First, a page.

Make mine a Meka G1
Let's start with the Meka G1, which is the cheaper and simpler of the two. Newegg sells the keyboard for $122 right now, compared to $140 for the G-Unit. Although it may not have quite as much street cred as its Fitty Cent-inspired relative, the G1 still comes with more frills than basic mechanical keyboards.
Thermaltake sticks with an understated aesthetic dominated by a matte-plastic body and matching keys. The keys are a slightly different shade, but they're just as impervious to fingerprints and smudges as the other surfaces. Naturally, Thermaltake makes a "combat white" version of the G1 to match its arctic-themed cases. That model retains the black key caps, so it's not a complete white-out.
The contours on the G1's key caps are slightly deeper than those of the G-Unit, but the keys appear otherwise identical. Despite using the same black switches as the G-Unit, the G1 sounds a little more muffled when typing at speed. It's not any quieter, but the sound of each keystroke hits with a duller cha-chunk.
With only one exception, the Meka G1 follows the standard US keyboard layout. Thermaltake has replaced the left Windows key with a function key used to access the Meka's media controls. As someone who uses the Windows key daily and has grown accustomed to its position on the left, I found the move fairly frustrating. Sure, it eliminates the possibility of accidentally bringing up the Start menu while gaming, but that issue can be addressed without messing with the layout.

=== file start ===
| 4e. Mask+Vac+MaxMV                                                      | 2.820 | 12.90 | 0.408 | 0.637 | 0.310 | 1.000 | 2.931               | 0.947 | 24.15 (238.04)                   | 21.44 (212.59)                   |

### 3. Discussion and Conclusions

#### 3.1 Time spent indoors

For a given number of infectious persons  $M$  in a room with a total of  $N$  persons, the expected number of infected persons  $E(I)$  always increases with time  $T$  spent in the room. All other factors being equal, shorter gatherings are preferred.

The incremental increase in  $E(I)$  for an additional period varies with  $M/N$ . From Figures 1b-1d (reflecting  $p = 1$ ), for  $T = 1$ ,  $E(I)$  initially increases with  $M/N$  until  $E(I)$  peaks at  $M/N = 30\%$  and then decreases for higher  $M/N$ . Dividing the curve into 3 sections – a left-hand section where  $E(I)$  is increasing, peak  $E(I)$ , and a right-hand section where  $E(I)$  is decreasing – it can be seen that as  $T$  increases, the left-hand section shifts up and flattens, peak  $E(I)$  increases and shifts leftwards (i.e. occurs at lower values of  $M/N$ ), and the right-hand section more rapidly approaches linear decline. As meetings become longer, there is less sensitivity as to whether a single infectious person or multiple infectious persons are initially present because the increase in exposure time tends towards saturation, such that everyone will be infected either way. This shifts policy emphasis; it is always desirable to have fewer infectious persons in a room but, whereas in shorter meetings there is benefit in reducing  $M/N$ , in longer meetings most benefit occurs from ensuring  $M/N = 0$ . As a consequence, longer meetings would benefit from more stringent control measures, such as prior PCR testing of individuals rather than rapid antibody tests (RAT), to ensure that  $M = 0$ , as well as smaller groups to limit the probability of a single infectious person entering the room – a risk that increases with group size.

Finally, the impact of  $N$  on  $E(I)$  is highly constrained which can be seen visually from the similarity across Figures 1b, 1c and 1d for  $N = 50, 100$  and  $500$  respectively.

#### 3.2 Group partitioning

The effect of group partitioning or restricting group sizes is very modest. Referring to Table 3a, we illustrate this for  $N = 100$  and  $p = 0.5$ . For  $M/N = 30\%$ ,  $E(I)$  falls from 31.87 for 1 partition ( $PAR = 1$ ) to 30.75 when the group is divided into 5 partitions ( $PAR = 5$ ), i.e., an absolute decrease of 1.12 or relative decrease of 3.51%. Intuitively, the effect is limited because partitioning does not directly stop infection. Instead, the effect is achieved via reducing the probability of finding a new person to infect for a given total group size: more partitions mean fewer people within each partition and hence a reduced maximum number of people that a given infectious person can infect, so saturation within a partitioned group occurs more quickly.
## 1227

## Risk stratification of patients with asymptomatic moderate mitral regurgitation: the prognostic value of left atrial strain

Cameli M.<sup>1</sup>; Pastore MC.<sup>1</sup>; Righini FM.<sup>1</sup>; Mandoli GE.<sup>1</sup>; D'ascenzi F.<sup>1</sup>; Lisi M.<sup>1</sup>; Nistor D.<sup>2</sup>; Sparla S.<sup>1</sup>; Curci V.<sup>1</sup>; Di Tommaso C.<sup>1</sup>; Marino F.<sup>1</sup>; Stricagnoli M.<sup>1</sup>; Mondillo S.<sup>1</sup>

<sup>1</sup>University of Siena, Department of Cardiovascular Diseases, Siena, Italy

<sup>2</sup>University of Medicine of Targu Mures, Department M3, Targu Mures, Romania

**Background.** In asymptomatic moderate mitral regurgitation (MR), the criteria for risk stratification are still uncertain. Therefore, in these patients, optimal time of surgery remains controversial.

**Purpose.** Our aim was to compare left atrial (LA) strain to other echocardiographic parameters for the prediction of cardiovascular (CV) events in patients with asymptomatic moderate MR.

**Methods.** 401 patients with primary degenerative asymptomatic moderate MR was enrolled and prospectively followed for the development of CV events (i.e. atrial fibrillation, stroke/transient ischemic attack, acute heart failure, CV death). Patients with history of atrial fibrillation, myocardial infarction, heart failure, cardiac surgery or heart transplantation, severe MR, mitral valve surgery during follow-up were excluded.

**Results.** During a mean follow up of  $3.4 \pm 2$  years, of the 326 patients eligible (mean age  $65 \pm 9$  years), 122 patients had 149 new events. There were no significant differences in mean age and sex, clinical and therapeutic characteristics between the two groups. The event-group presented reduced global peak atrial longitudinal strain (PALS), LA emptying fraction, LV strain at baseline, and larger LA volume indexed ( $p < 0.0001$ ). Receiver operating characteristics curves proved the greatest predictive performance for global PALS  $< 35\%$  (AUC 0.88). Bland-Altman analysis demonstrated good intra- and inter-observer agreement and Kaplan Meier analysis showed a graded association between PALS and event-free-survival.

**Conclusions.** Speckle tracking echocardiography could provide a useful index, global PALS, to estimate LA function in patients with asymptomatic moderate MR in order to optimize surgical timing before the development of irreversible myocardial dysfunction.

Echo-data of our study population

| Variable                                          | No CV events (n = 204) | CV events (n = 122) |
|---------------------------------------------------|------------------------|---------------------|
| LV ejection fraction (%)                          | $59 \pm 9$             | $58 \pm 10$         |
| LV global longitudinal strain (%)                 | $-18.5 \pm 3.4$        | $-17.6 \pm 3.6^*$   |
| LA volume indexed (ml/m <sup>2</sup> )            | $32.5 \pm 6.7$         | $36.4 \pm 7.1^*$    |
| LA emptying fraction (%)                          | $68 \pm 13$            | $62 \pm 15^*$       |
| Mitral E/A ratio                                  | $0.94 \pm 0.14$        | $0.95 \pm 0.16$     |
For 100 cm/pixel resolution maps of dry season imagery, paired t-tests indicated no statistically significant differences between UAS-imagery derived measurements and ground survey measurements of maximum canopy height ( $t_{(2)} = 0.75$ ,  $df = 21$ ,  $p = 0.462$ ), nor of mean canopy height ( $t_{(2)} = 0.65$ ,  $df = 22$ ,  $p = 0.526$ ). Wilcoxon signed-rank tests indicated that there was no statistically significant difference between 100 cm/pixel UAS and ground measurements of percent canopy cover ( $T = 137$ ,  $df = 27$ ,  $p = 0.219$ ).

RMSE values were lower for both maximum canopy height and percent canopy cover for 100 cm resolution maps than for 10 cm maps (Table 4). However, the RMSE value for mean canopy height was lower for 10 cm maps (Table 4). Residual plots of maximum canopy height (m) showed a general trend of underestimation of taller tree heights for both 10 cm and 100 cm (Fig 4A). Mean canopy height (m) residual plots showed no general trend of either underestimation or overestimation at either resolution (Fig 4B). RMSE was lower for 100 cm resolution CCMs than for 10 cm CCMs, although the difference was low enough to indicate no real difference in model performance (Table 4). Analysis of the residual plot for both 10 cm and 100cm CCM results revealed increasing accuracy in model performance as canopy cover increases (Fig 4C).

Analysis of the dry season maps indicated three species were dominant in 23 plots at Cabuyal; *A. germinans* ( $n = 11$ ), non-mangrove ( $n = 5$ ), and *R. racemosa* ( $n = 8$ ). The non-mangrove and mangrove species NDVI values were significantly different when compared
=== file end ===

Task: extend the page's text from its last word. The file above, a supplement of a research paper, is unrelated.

The Meka comes with a detachable palm rest, pictured above, and a couple of flip-down feet to provide 10 mm of lift at the back of the keyboard. Finding a comfortable typing position shouldn't be a problem unless you have a penchant for ergonomic designs. Thermaltake lines the bottom of the keyboard with rubber pads to ensure it won't slip around once you have things dialed-in.
Although the Meka G1 is pretty subdued overall, the red LEDs denoting the Caps, Scroll, and Num-Lock status are surprisingly bright. While they fall well short of blinding (in part because red LEDs are less dazzling than blue ones), the glow can be a little distracting while gaming in the dark.
Just below those LEDs, along the rear edge of the keyboard, sits a collection of tightly packed expansion ports. There are two USB 2.0 ports in addition to headphone and microphone connectors. In such close quarters, larger thumb drives may obstruct access to the other ports. Combining the audio jacks with 1/4" plug adapters will be a squeeze, as well.
The audio ports are just pass-through connectors linked to 3.5-mm jacks at the tail end of the Meka's beefy, braided cable housing. They're joined by a pair of USB plugs: one for the keyboard and the other for the USB hub inside.
Thermaltake throws in a USB-to-PS/2 adapter for luddites and hard-core gamers. Those two camps don't share a lot of hardware, but the Meka G1 only offers n-key rollover when it's attached to a PS/2 port. When running off a standard USB connection, the G1 can only register six simultaneous key presses.
|Data suggests consumer drives are as reliable as enterprise models||36|
|Next-gen Intel SSDs could have 2TB capacities, integrated heatsinks||3|
|Valve joins the Linux Foundation||47|
|USB group designing slim, orientation-independent connector||66|
|Are retail Radeon R9 290X cards slower than press samples?||215|
|Cherry intros MX RGB key switch; first keyboard due from Corsair||54|
|MSI's latest Z87 motherboard, GeForce GTX 760 graphics card have Mini-ITX dimensions||33|
|Tuesday Night Shortbread||21|
|HP unveils two Tegra 4-powered tablets||50|